A light, refreshing, versatile dip
Tzatziki is a very popular Greek yogurt condiment. In this Tzatziki recipe, I use a thick, probiotic rich, Greek strained yogurt that delivers a thick, creamy texture. Fresh, grated cucumber is then added to the yogurt, along with lemon juice, garlic, and fresh herbs. The result is a delicious, healthy, cucumber sauce that is incredibly versatile.
Tzatziki is so versatile that it is served alongside everything from raw vegetables like bell peppers, mushrooms and carrots, to savory meat dishes such as grilled chicken and lamb. It’s uses and application don’t stop there. It’s also widely used as a spread on sandwiches, and frequently found on mediterranean style platters accompanying pita bread, olives, feta, and stuffed grape leaves.
This delightful yogurt dip can be found on the shleves in most grocery stores, but none of them taste as good as home made, especially in summer when cucumbers are abundant and at the peak of their flavor.
The secret to Tzatziki success
The trick to making Tzatziki is getting the texture nice and thick. Cucumbers are full of water and when using salt, the salt will pull even more moisture out. Yogurt varieties also differ in thickness, and using one that has excess liquid can contribute to a watery dip. But it’s very easy to avoid watery dip. Here’s how:
- Select & Strain the yogurt. Don’t use anything less than 2% milk fat. Open the yogurt before you get started and if you notice excess liquid, drain it using a fine mesh sieve, lined with cheesecloth, set over a large bowl. Let it drain in the refrigerator for a minimum of 30 minutes or overnight, until significantly thickened.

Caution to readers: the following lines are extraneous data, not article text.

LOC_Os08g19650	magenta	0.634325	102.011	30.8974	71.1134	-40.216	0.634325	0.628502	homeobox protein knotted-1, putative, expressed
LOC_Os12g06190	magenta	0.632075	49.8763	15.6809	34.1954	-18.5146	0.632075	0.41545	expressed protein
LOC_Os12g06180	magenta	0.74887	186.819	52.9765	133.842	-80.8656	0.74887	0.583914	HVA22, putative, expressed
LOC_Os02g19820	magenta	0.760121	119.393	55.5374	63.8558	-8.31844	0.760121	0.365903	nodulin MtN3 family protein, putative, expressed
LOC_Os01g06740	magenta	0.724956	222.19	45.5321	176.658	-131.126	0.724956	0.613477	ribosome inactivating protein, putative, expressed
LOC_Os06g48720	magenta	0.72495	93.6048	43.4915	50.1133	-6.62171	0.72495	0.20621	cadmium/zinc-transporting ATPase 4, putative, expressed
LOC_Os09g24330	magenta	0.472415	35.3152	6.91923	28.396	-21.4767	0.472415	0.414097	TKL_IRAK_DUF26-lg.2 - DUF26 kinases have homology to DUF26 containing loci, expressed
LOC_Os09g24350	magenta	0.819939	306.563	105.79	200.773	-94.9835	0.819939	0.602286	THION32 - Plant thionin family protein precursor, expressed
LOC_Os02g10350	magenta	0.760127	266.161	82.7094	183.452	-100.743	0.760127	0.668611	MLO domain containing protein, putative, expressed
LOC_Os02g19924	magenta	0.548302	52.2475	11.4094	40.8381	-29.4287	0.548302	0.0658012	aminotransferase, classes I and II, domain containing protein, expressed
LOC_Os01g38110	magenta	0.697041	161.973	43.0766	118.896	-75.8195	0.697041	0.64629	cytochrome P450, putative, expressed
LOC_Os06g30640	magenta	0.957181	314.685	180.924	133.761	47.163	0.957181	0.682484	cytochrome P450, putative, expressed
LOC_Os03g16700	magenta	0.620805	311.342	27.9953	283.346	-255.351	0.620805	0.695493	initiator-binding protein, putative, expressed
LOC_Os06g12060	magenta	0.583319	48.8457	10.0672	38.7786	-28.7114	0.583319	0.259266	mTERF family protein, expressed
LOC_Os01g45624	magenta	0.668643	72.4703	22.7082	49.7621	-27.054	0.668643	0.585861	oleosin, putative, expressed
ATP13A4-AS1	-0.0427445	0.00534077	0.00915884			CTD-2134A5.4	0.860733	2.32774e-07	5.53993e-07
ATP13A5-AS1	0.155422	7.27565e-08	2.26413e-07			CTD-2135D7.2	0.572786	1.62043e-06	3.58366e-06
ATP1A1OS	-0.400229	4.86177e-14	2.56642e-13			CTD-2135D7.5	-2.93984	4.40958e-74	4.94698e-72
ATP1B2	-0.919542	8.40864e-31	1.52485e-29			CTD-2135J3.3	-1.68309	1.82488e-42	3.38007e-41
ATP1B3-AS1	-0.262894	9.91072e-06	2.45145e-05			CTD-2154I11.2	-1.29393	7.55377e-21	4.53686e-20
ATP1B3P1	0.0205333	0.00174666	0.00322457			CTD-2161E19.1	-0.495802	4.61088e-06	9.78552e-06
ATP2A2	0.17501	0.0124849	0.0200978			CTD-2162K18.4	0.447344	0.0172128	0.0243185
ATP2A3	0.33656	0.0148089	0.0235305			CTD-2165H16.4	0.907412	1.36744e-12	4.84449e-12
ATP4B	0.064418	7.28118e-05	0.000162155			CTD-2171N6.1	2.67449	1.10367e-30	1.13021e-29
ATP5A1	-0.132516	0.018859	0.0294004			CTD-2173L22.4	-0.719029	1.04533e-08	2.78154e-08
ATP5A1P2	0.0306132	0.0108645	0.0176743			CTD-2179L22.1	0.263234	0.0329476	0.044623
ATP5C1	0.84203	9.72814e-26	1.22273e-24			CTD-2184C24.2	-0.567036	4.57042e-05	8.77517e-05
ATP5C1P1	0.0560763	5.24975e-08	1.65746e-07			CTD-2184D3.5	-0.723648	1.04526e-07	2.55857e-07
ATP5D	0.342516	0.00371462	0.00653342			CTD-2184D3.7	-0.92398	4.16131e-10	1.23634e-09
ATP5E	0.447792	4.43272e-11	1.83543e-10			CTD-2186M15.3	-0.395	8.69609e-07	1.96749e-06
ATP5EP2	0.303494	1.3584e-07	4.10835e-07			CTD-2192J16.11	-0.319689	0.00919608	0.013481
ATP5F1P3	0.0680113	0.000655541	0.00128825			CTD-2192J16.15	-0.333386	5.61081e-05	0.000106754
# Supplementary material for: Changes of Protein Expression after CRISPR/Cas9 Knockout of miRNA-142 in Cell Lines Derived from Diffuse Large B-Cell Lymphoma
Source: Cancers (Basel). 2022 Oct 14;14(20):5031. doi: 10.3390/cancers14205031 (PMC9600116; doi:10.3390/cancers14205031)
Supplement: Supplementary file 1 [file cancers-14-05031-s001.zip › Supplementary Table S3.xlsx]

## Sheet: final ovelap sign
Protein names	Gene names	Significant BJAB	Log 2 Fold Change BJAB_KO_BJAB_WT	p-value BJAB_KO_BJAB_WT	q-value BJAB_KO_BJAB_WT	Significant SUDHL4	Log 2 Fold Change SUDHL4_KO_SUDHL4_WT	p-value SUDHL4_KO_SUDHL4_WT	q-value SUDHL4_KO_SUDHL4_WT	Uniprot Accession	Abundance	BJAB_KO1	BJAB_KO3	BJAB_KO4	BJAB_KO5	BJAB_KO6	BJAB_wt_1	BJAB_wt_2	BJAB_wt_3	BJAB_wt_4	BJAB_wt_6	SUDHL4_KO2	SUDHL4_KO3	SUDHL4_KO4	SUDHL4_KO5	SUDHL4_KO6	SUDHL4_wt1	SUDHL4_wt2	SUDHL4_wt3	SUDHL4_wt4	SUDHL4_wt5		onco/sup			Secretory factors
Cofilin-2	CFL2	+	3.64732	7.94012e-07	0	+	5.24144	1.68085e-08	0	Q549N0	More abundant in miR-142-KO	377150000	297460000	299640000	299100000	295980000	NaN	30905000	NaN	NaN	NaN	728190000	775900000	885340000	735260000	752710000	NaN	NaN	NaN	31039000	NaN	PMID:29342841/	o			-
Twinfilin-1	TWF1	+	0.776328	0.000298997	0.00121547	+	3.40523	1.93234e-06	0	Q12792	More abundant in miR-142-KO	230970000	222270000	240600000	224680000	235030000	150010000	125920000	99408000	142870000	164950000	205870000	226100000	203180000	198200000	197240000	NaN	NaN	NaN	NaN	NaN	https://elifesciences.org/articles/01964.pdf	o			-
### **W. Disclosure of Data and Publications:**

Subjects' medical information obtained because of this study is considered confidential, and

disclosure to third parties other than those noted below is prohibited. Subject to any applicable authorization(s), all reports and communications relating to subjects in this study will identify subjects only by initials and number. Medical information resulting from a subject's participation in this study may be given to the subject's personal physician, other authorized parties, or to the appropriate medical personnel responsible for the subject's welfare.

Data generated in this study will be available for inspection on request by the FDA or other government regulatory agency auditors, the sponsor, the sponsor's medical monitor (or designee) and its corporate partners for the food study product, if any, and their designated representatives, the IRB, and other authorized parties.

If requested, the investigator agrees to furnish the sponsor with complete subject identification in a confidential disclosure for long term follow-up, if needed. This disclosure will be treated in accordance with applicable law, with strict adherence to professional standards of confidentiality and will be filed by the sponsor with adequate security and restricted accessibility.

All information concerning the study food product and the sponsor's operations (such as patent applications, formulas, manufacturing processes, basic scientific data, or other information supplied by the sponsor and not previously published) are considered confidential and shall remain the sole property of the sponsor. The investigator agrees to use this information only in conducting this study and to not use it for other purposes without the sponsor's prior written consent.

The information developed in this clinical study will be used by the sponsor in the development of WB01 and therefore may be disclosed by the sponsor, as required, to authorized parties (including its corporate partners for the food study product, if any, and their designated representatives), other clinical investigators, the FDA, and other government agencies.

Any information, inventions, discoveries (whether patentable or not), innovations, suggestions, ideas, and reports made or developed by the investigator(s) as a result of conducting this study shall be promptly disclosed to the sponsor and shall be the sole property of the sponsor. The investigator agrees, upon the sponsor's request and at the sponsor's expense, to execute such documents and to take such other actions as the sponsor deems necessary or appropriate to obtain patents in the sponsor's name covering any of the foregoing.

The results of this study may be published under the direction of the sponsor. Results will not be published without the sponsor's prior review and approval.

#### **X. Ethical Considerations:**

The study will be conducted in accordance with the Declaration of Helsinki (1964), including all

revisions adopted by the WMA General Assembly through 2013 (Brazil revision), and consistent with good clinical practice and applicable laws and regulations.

- Shred & squeeze the Cucumbers. Use the large holes on a box grater to shred the cucumber. Then get rid of the moisture. There are several ways to squeeze excess water out of vegetables such as shredded cucumber. You can roll them into a clean tea towel and twist to squeeze out the excess water. You can use paper towels. Or you can use a nut milk bag, which is my preferred method.
When needing to squeeze out excess moisture from vegetables such as frozen spinach or shredded cucumbers, use a nut milk bag. They are reusable, the least messy, and the most effective of any method I have tried.
Simply load up the mesh style bag and squeeze. Watch the excess water flow out. You will be amazed at how well this trick works! Nut Milk bags are sold on Amazon (what isn’t?), Whole Foods, & culinary supply stores. (Game changer for making spinach dip!)